As a Corvette owner, you know your car is built for high speeds and precision performance. If you haven’t ever raced your own vehicle, taking those corners at break-neck speeds, you probably dream of doing so. Did you know that racing your Corvette can also be environmentally friendly, though?
Proof of this comes from Corvette itself: On October 4th during the American Le Mans Series races, at Braselton, GA’s Road Atlanta, Chevrolet’s factory team, Corvette Racing, won the inaugural Green Challenge.
Really a “race within a race,” the Challenge was just one facet of a 1,000-mile endurance event, in which all four ALMS classes – a total of 37 high-tech race cars – all took part, and while the main point was, of course, to be the first to cross the finish line, this race was also about environmental impact, fuel efficiency, and performance.
Series organizers and the Argonne National Laboratory worked with the EPA, DOT and SAE to create a formula that could be used to determine the winners in the Prototype and GT classes based on the amount of greenhouse gases that were emitted, petroleum fuels that were displaced, and energy that was used. The winner would be the fastest car with the smallest environmental footprint. The race itself was the culmination of a plan that began last January at the North American International Auto Show with the announcement by Chevrolet’s North American Vice President, Ed Peper, that Corvette Racing would be using cellulosic E85 ethanol racing fuel during the 2008 season.
If you aren’t already familiar with E85R (the ‘R’ stands for ‘Racing’), or the word “cellulosic,” it is fuel made from wood waste collected from the Black Hills National Forest as part of a wildfire prevention program. The wood waste comes from broken branches, dead trees, and undergrowth that would otherwise be burned, and it’s converted into ethanol at the KL Energy plant in Wyoming. The plant itself is energy self-sufficient, and supplies surplus electricity to the local power grid.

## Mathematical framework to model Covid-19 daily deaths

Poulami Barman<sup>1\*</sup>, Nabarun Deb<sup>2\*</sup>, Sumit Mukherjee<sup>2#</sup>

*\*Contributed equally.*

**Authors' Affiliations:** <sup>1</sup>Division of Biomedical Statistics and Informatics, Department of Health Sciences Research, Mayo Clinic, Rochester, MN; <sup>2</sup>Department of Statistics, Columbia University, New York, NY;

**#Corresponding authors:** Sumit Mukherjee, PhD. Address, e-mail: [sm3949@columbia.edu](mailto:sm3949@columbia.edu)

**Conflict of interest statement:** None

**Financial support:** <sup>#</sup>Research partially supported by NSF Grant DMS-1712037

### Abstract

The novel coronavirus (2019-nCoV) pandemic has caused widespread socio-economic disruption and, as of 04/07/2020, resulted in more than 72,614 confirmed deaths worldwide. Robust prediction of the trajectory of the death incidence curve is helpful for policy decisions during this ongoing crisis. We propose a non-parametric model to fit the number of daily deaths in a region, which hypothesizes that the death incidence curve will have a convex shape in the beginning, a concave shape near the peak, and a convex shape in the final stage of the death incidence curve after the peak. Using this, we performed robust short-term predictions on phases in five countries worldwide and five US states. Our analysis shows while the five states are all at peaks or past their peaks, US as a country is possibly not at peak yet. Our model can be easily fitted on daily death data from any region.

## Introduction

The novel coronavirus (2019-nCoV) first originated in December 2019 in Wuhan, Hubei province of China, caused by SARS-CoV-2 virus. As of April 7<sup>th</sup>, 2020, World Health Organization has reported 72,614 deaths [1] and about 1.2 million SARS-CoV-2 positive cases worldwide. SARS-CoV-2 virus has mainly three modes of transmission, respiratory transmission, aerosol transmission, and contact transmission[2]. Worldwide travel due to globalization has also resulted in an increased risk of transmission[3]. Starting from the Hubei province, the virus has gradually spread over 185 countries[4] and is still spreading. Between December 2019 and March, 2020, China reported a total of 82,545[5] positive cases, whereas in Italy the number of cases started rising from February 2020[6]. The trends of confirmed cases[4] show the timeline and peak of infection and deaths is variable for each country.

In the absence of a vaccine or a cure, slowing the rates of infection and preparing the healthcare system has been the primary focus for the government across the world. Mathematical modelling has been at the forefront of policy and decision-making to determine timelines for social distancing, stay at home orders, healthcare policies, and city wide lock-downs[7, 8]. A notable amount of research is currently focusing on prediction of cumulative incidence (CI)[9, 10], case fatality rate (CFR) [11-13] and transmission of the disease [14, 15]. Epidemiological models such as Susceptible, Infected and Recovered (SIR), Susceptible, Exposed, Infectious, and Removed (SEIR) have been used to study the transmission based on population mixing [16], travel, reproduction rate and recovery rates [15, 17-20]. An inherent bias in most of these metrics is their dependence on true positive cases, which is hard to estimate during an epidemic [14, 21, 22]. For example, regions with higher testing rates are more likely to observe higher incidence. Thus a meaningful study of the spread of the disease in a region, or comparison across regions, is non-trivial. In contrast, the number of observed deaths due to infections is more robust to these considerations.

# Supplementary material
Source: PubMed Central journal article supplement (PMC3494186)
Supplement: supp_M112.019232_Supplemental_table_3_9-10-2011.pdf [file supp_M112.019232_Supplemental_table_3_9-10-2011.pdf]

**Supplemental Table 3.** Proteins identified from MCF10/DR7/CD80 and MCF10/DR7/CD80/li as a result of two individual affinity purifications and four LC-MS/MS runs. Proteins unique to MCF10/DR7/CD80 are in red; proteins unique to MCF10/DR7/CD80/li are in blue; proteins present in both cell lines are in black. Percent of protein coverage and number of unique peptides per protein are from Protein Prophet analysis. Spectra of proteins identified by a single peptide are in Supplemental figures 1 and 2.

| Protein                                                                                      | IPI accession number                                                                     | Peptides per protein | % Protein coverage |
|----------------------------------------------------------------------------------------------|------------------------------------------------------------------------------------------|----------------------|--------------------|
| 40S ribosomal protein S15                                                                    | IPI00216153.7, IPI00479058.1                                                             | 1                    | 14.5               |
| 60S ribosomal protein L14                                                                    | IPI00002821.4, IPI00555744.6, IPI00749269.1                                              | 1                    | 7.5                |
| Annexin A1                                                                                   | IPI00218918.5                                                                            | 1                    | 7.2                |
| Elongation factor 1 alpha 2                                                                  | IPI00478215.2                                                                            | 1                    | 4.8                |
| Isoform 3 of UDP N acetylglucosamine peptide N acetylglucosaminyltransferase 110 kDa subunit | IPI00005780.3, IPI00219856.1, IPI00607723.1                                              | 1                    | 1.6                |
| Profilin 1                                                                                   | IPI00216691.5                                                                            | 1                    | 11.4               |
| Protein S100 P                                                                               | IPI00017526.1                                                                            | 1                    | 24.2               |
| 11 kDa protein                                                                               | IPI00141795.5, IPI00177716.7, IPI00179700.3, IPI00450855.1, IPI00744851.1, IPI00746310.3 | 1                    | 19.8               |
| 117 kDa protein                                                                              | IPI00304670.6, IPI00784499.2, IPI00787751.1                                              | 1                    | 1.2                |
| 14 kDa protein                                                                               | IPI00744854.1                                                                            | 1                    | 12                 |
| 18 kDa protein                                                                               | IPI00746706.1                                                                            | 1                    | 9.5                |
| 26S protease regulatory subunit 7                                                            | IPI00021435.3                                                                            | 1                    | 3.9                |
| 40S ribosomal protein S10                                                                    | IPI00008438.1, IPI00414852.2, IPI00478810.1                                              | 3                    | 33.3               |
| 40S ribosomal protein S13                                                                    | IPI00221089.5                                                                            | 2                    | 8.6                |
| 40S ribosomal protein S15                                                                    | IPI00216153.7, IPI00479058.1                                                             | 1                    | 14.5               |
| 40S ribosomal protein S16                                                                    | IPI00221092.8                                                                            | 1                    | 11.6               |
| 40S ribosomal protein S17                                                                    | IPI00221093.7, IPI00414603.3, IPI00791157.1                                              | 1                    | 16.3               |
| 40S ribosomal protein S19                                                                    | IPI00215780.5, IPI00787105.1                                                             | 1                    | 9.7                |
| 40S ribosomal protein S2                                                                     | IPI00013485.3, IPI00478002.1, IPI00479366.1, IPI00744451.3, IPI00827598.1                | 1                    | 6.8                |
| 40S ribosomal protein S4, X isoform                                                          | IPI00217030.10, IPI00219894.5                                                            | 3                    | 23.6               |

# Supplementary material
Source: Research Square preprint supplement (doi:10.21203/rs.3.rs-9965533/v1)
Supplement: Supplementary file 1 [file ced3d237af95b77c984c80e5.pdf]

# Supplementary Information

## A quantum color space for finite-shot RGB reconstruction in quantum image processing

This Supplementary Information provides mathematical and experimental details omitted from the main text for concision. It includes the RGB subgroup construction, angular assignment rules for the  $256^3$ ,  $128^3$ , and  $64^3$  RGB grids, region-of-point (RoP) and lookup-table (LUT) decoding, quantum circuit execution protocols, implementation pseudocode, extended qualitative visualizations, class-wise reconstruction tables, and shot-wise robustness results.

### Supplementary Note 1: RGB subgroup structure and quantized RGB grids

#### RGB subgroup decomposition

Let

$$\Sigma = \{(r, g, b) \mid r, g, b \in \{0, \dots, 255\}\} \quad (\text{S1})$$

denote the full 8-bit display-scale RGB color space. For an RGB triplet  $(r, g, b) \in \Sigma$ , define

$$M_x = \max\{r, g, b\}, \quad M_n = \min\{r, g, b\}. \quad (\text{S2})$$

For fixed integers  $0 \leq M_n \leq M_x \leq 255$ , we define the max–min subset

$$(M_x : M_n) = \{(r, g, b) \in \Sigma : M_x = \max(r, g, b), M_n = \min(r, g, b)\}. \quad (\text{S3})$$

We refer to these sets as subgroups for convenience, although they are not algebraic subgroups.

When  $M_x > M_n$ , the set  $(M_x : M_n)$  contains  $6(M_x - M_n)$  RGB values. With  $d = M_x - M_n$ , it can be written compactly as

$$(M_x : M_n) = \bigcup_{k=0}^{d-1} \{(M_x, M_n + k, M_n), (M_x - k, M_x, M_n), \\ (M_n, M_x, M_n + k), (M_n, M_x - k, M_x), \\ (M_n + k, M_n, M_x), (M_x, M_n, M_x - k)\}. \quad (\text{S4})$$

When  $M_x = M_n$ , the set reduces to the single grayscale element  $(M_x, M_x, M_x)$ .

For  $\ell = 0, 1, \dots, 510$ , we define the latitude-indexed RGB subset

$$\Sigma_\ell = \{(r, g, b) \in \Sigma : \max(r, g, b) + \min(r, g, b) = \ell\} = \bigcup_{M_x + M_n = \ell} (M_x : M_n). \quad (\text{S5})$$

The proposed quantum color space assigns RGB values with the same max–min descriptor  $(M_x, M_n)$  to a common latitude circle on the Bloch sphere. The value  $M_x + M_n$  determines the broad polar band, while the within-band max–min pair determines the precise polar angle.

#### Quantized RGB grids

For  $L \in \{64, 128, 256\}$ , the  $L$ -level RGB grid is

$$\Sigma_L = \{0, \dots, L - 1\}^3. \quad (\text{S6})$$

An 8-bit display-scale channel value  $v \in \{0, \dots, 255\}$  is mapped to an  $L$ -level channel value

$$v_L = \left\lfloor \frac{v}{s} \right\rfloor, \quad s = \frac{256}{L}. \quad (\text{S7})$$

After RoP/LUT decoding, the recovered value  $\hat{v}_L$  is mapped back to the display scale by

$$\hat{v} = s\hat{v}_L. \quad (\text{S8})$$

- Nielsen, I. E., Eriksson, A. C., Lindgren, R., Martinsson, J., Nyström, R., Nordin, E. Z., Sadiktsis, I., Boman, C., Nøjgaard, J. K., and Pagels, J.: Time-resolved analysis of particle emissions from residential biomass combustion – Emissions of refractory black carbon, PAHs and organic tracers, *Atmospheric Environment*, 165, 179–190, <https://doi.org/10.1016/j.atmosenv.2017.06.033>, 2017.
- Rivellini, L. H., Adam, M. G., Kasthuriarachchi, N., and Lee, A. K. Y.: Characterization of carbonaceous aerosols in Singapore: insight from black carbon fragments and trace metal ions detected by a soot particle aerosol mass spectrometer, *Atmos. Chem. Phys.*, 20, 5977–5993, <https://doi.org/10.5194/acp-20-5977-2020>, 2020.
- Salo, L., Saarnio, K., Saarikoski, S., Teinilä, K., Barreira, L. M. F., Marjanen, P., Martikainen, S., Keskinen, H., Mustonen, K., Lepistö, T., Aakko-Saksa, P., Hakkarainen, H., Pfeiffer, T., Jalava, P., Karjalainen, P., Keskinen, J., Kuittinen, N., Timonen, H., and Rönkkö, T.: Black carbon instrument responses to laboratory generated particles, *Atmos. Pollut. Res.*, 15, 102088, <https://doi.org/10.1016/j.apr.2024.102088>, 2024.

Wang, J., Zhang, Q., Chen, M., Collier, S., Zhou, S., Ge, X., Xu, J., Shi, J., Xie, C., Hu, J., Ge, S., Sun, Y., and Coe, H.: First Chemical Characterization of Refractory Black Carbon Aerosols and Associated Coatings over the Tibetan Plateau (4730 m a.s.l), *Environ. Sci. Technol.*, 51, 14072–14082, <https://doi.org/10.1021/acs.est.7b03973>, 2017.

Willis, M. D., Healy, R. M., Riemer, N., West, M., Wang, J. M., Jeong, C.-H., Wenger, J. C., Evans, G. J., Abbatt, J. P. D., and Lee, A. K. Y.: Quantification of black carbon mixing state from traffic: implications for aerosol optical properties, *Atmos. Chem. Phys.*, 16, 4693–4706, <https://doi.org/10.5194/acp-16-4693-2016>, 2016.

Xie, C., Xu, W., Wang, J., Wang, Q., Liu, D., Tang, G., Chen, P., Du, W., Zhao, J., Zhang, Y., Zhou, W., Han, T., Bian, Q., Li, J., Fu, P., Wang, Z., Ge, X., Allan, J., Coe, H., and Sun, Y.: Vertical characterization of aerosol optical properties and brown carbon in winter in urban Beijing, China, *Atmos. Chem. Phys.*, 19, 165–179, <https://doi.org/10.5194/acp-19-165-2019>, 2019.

The formula for determining the Green Challenge winner considers, in part, the overall environmental of the fuel used from “well to wheel,” so Corvette Racing’s decision to use second-generation cellulosic ethanol in their cars’ 7-liter small-blog V-8 engines was a crucial one, giving Corvette an edge that translated into greenhouse gas emissions that were 170% better than the first non-E85 finisher in the same class.
Emissions weren’t the only aspect of the Green Challenge that GM’s engineers analyzed, however. The race team looked at everything from aerodynamic drag to rolling resistance and worked with technical partners to give the Corvette Racing cars the best lubricants to reduce power losses in the drive-train and engine, as well as to refine the body shape and maximize tire performance.
Corvette’s success in the Green Challenge didn’t just prove that E85 fuel could be used in racing, it also proved that racing teams can be environmentally conscious, and that race events could limit emissions without limiting the speed of the cars or the enjoyment of the spectators. E85 works in the real world, too – netting you lower gas prices in much of the country, and, in some cases, even a break on budget car insurance coverage.
The next time you’re stopped at a traffic light, in your own Corvette, think about a world in which “green” means more than just “go.”